The Indian head of government is quoted as having told the Planning Commission,“This morning I met the chairman of Dell Corporation. He informed me that they are buying equipment and parts worth $25 billion from China. They would like to shift to safer environment with climate conducive to enterprise with security of legal system." Although it is difficult to discount anything that quotes a country's leader as its source, it is still wise to wait for a clearer picture to emerge.
But there is no denying the fact that the Chinese government has plenty to ponder in the aftermath of Google's exit. The Chinese economy may not be under any real threat of a collapse, for the dragon can only founder in the face of an exodus of foreign companies, but it will surely have its hand forced if a few more foreign businesses grow a conscience or leave in search of a more stable environment. It now knows that businesses are not entirely shy of moving out in search of “safer” alternatives, where they are immune from the whims of a government adamant on making everyone fall in line.
We had previously heard that Google may be announcing an exit from the Chinese market today. As it turns out, they’re taking a slightly different approach. The Google.cn domain now redirects users to the uncensored Hong Kong version of the search engine. Google says they plan to retain most of their operations in China including R&D teams and sales.
The move seems to be a direct challenge to the Chinese government, which could easily block access to Google on mainland China. Google’s David Drummond claims the move is “entirely legal” and went on to say, “We very much hope that the Chinese government respects our decision.”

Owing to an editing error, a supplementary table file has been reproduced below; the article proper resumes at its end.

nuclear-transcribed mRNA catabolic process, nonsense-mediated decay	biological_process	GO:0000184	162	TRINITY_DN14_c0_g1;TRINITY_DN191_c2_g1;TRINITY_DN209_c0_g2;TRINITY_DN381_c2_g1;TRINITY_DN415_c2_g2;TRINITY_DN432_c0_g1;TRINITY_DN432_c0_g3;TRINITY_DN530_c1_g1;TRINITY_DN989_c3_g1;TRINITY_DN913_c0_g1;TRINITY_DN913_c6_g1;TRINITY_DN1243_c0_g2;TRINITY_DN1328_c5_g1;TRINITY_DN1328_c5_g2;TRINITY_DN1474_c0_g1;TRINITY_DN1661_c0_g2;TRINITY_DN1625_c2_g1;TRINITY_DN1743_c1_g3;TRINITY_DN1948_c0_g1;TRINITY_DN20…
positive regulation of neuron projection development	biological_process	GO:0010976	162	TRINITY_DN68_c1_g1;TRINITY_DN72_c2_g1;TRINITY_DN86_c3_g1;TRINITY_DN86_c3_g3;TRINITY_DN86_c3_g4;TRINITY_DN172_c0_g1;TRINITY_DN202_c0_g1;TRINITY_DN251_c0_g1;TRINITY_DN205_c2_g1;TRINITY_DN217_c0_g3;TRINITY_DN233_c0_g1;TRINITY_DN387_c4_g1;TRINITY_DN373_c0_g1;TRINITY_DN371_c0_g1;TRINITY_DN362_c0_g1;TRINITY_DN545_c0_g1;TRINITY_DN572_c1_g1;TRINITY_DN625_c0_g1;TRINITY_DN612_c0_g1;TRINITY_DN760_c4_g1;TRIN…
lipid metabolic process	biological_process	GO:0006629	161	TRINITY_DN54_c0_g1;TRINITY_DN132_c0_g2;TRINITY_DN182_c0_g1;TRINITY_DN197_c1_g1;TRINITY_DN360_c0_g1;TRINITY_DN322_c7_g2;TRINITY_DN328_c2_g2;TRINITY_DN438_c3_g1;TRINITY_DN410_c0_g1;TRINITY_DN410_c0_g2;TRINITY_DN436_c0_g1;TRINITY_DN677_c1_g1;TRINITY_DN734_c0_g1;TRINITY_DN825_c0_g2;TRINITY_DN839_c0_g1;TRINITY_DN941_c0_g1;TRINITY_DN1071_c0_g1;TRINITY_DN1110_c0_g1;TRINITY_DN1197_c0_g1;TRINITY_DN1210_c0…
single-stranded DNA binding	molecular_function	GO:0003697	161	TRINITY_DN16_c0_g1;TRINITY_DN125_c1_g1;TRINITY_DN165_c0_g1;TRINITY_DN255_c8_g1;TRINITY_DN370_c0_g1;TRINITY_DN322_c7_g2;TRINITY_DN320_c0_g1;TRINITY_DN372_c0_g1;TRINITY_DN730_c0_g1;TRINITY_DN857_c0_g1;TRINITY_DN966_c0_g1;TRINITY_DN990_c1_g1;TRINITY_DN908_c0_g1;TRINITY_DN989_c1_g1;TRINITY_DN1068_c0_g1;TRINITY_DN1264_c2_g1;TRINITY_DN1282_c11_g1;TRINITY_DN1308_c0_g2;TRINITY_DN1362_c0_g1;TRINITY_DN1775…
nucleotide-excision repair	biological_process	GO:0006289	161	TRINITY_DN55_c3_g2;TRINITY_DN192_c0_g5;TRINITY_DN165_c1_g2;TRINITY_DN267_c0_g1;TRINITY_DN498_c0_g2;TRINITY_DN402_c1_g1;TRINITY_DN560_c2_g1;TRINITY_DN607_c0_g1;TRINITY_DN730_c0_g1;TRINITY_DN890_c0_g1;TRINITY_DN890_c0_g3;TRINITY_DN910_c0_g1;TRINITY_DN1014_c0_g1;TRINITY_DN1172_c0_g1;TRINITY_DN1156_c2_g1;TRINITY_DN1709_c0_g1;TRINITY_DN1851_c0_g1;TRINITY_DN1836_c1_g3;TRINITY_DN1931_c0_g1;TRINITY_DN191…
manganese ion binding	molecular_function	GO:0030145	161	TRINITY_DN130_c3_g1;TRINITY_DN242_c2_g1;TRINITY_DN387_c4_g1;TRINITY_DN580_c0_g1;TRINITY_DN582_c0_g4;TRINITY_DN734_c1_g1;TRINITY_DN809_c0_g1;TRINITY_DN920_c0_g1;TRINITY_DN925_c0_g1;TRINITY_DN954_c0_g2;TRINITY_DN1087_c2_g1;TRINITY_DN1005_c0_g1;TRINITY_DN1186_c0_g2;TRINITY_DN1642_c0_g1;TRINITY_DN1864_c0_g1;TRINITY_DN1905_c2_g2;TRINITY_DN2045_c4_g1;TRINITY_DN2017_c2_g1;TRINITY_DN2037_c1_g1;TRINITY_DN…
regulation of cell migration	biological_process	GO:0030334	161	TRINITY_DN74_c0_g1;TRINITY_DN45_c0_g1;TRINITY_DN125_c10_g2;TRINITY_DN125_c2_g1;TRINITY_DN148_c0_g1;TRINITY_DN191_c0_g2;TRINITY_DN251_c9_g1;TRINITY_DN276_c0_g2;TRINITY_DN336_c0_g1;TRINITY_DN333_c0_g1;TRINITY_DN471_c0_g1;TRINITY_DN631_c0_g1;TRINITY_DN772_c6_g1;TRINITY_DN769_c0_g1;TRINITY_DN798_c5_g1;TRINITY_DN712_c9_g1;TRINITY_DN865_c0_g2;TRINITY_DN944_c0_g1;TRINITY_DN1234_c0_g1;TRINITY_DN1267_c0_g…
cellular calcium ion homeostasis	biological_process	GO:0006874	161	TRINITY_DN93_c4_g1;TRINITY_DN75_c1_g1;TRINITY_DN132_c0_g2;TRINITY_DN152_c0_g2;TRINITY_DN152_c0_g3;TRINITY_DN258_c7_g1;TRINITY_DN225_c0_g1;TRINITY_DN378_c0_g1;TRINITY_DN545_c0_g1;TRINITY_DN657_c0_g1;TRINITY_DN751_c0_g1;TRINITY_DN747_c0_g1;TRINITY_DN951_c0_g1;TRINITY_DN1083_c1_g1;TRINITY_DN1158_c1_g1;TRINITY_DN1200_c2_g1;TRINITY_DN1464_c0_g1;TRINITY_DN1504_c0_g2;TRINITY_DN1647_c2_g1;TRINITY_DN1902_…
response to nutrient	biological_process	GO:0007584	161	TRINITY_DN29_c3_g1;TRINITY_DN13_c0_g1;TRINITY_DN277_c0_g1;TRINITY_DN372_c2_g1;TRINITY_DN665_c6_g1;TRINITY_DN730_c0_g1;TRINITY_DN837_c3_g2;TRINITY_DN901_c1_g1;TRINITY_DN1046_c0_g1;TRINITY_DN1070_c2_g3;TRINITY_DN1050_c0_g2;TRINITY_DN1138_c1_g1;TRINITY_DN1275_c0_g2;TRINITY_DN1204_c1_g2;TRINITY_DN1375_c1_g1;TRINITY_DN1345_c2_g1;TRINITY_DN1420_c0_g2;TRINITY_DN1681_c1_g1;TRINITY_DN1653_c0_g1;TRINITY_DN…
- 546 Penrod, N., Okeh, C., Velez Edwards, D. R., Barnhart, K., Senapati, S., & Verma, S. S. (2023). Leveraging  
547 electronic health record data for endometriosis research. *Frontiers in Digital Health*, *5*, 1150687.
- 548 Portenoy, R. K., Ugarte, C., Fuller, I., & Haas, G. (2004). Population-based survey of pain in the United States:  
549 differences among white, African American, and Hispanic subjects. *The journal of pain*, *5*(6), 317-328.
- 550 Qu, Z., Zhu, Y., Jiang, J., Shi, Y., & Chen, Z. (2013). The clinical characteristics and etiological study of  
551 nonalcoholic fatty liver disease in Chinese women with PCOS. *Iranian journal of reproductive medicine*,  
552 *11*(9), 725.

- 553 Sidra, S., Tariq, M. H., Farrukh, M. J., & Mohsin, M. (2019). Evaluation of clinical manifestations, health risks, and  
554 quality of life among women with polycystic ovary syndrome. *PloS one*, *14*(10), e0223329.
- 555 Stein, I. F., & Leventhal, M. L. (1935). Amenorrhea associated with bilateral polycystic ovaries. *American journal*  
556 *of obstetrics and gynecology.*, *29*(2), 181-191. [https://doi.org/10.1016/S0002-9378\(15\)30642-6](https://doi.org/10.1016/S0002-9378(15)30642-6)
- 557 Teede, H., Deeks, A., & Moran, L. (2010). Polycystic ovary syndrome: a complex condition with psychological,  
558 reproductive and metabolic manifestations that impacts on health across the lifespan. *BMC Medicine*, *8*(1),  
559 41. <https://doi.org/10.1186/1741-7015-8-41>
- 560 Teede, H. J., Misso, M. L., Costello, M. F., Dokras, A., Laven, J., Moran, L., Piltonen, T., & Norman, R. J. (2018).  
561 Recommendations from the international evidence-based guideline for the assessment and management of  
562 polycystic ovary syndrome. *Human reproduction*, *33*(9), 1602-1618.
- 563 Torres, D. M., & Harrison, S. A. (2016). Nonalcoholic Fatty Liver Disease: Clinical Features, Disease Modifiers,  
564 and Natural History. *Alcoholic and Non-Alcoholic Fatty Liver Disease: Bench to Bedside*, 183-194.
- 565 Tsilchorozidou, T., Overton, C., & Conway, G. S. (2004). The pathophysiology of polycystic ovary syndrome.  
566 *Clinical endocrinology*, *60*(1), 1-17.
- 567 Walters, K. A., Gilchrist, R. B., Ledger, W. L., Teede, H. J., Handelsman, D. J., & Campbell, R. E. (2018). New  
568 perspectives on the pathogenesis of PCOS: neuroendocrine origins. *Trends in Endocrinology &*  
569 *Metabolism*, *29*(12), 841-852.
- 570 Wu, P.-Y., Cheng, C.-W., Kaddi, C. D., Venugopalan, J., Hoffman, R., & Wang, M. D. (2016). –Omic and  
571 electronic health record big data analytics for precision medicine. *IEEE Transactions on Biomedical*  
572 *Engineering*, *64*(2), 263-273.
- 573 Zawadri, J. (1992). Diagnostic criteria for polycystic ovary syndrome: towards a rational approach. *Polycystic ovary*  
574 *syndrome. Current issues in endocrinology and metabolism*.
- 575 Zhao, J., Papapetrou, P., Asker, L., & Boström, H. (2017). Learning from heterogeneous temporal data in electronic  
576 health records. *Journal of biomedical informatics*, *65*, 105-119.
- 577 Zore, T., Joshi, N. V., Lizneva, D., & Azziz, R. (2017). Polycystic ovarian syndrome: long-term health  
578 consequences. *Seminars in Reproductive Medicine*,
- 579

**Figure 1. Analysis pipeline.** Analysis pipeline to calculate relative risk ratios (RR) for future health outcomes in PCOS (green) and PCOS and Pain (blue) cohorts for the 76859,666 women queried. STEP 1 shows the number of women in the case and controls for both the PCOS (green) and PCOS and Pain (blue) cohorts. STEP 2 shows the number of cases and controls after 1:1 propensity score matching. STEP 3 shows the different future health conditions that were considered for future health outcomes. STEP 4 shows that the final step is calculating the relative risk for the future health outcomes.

Beijing has not yet responded to Google’s action, but the government has become increasingly harsh over the weeks. Some analysts pointed out that Google’s plan could backfire, leaving their sites blocked even in Hong Kong. For now it’s a waiting game for the Big G.
Are you worried Fermi is going to make your GeForce 8800 look a bit long in the tooth? Well just be glad you're not stuck trying to run Crysis on the Secret Service's mainframe featuring state of the art technology from the 1980's. A classified review of the aging computer system has revealed that the system is now only operational about 60 percent of the time, and frequently prevents them from accessing the master database of mission critical information and apps.
"We have here a premiere law enforcement organization in our country which is responsible for the security of the president and the vice president and other officials of our government, and they have to have better IT than they have," said Lieberman, who is chairman of the Senate Homeland Security and Government Affairs Committee. Currently the NSA runs 42 mission-oriented applications on a 1980s IBM mainframe, and are hideously underpowered based on the agencies current requirements.
The price tag for updating the system is a mere $187 million, and far below the $33 million they currently have in the budget. If I were president, I would probably check the seat cushions on Air Force One to make up the difference, they are charged with saving his life after all.
All the recent buzz may be centered around, um, Google Buzz, but don't go writing Twitter's obituary. The mico-blogging service has attracted yet another high-profile poster - White House press secretary Robert Gibbs.
"I opened it today," Gibbs told the Associated Press. "I was watching a Twitter feed while the President visited the briefing room last week." Gibbs added that he "thought it was fascinating to watch and see what people were thinking, doing, and writing."
And speaking of watching others, Gibbs notes in his bio that his is an official White House Twitter account, and that messages received through such pages are subject to the Presidential Records Act and may be archived.
If you still want to follow him -- and so far, over 18,600 Twitter users do -- you can find his Twitter page here (PressSec).